The Canadian geese settle down in the shallow waters of Lake Champlain in front of our house. They hold their conversations early in the morning and late into the night. At first, they would keep me awake longer than I had intended, and their chatter would bring me back into...

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Where Is My Towel?

(0) Comments | Posted September 27, 2013 | 11:42 AM

I was surprisingly upset with the loss of my towel. It was a generous, blue and white-striped beach towel, the kind that I could completely wrap around my body, like a warm cape.

I had turned my back to comb my hair for just a minute in the locker...

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Holding the Door Open

(3) Comments | Posted September 27, 2013 | 11:29 AM

I think the world could be divided into two groups: those who hold the door for the next person and those who don't. I don't understand why some people walk through a doorway without looking behind them, letting the door slam or slide into whoever is behind them, while others...

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We Cannot Remain Bystanders

(36) Comments | Posted September 16, 2013 | 2:27 PM

War is hell, no doubt about it. But as in Dante's Inferno, there are separate circles of hell. Those who kill their own people with chemical weapons should surely be relegated to the ninth circle where Satan awaits them.

President Obama is right to remind us of the stomach-turning pictures...

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The First Thousand Days of a Baby's Life

(1) Comments | Posted July 24, 2013 | 1:56 PM

The first thousand days of a baby's life are likely to determine the rest of her life -- whether she grows up to be healthy or not, both physically and emotionally. Early childhood education begins early, even before birth. That's what the latest scientific studies of brain development...

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What Equality Means

(105) Comments | Posted June 28, 2013 | 12:31 PM

June 26, 2013 will go down in history. The Supreme Court decisions on same-sex marriage have given those couples, who live in states which approved gay marriage, full citizenship under the constitution.

The Defense of Marriage Act, or DOMA, which had denied federal benefits to gay couples, is dead....

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National Security Depends on the Nation's Food Security

(1) Comments | Posted June 13, 2013 | 5:18 PM

One in five children in America lives in a family who often does not know where the next meal is coming from. Nearly one million seniors living alone do not have enough to eat on a daily basis. They make painful choices -- whether to spend their meager incomes on...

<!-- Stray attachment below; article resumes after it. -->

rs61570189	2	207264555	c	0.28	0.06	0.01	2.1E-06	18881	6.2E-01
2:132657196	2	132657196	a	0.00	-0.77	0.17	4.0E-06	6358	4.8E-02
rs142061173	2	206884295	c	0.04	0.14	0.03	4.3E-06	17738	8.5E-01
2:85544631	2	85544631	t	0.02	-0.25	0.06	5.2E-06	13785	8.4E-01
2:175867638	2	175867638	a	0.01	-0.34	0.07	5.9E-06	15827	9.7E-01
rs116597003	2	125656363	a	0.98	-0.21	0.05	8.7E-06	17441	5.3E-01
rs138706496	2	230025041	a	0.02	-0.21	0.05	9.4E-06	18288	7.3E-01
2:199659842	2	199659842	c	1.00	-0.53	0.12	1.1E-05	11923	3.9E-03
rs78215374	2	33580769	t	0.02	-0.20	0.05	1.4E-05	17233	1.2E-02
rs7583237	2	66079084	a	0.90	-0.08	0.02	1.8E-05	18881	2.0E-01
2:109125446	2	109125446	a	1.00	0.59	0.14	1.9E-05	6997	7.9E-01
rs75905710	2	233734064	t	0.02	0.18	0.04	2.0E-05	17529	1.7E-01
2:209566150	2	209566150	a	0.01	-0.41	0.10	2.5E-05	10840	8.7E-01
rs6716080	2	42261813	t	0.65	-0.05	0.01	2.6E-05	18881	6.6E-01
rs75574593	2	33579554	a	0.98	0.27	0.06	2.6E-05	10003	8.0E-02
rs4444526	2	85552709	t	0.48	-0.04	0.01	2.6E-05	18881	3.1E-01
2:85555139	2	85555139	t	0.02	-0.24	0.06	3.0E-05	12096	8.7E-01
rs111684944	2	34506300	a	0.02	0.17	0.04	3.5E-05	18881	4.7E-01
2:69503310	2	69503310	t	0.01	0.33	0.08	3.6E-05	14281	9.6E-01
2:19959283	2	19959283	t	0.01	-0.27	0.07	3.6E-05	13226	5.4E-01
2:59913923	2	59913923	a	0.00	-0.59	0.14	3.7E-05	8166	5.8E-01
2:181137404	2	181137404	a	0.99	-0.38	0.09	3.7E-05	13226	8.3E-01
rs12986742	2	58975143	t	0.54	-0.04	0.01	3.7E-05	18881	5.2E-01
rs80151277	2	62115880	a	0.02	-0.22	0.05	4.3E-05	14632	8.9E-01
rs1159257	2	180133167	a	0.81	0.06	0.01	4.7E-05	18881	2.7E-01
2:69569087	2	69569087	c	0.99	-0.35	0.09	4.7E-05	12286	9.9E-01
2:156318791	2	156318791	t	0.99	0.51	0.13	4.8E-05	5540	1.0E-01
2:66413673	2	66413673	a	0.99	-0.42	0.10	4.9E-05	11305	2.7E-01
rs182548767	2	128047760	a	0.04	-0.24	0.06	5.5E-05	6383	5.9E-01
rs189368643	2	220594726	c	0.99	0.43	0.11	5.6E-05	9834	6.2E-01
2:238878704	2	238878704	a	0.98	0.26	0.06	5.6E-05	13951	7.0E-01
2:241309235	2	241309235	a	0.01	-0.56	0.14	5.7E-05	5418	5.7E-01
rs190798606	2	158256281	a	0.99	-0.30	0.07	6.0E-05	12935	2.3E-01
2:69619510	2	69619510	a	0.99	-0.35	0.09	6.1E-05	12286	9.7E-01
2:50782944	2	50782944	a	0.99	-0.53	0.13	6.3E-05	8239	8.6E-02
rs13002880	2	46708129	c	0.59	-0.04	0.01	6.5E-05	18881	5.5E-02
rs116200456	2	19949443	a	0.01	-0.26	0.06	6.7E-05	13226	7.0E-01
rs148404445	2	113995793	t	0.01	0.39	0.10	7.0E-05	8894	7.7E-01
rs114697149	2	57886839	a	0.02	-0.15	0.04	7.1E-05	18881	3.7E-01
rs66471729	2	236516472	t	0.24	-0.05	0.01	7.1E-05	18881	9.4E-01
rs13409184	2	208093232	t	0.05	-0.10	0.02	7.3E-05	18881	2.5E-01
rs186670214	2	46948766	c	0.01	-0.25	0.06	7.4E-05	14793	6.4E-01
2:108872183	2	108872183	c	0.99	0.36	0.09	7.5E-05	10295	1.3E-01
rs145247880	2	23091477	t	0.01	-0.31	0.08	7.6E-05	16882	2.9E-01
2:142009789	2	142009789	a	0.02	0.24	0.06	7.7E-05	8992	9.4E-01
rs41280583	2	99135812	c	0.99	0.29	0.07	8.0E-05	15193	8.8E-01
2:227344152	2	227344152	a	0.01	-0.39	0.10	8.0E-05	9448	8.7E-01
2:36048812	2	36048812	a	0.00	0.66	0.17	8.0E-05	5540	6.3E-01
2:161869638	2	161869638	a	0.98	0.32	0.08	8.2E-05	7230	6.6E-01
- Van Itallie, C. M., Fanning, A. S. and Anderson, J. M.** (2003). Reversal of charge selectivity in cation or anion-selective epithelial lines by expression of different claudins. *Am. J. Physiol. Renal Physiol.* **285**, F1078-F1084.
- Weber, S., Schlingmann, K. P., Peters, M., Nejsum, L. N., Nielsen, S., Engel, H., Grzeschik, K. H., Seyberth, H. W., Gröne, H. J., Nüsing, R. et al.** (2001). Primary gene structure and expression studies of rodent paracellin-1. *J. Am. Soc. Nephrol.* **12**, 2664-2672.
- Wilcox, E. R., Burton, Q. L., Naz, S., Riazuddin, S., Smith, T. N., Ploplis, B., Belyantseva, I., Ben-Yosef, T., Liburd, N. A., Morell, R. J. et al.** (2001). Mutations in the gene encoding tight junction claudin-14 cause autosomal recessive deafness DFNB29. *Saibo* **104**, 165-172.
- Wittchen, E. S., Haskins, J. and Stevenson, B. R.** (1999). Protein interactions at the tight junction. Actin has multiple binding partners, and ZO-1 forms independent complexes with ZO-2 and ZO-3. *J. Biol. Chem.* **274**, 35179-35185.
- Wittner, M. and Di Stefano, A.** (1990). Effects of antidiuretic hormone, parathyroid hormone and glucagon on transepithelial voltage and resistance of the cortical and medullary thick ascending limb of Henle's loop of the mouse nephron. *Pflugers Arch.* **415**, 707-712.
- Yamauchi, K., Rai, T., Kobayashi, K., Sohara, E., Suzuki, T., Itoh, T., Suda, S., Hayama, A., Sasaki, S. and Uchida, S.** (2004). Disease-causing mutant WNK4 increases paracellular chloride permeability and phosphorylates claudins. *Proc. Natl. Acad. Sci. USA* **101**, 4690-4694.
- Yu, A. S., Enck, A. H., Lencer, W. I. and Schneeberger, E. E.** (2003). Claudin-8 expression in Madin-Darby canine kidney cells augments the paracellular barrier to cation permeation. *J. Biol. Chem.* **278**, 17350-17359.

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Equal Pay for Women Translates Into a Bigger Paycheck for Families

(28) Comments | Posted May 22, 2013 | 9:31 AM

When the governor signed the Equal Pay bill into law, I eagerly watched his hand move across the page, thanked him for the commemorative pen and cheered. There is much to cheer about in this new law. It will help close the pay gap between women and men, which is...

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Paid Sick Days, good for families, good for business

(0) Comments | Posted April 15, 2013 | 10:57 AM

When some working moms and dads wake up in the morning feeling sick, they don't just worry about calling the doctor. They worry about calling the boss.

Why? Roughly 40 percent of Vermont employees have no paid sick days. Getting sick, or having a sick child, means losing a pay...

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When Women Do Well, Everyone Does Better

(1) Comments | Posted March 25, 2013 | 4:58 PM

When Betty Friedan published The Feminine Mystique 50 years ago, little did she know that her call for greater gender equality for American women would reverberate around the world and impact the economic condition of women and men.

Today, we have the evidence to demonstrate that there is a...

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Sheryl Sandberg Is Half Right

(22) Comments | Posted March 13, 2013 | 9:26 PM

The debate about women in the workplace -- why so few at the top, why is it so hard to have kids and hold a job -- hit a new decibel level when two top executive women in the high tech world added their two cents -- or should I...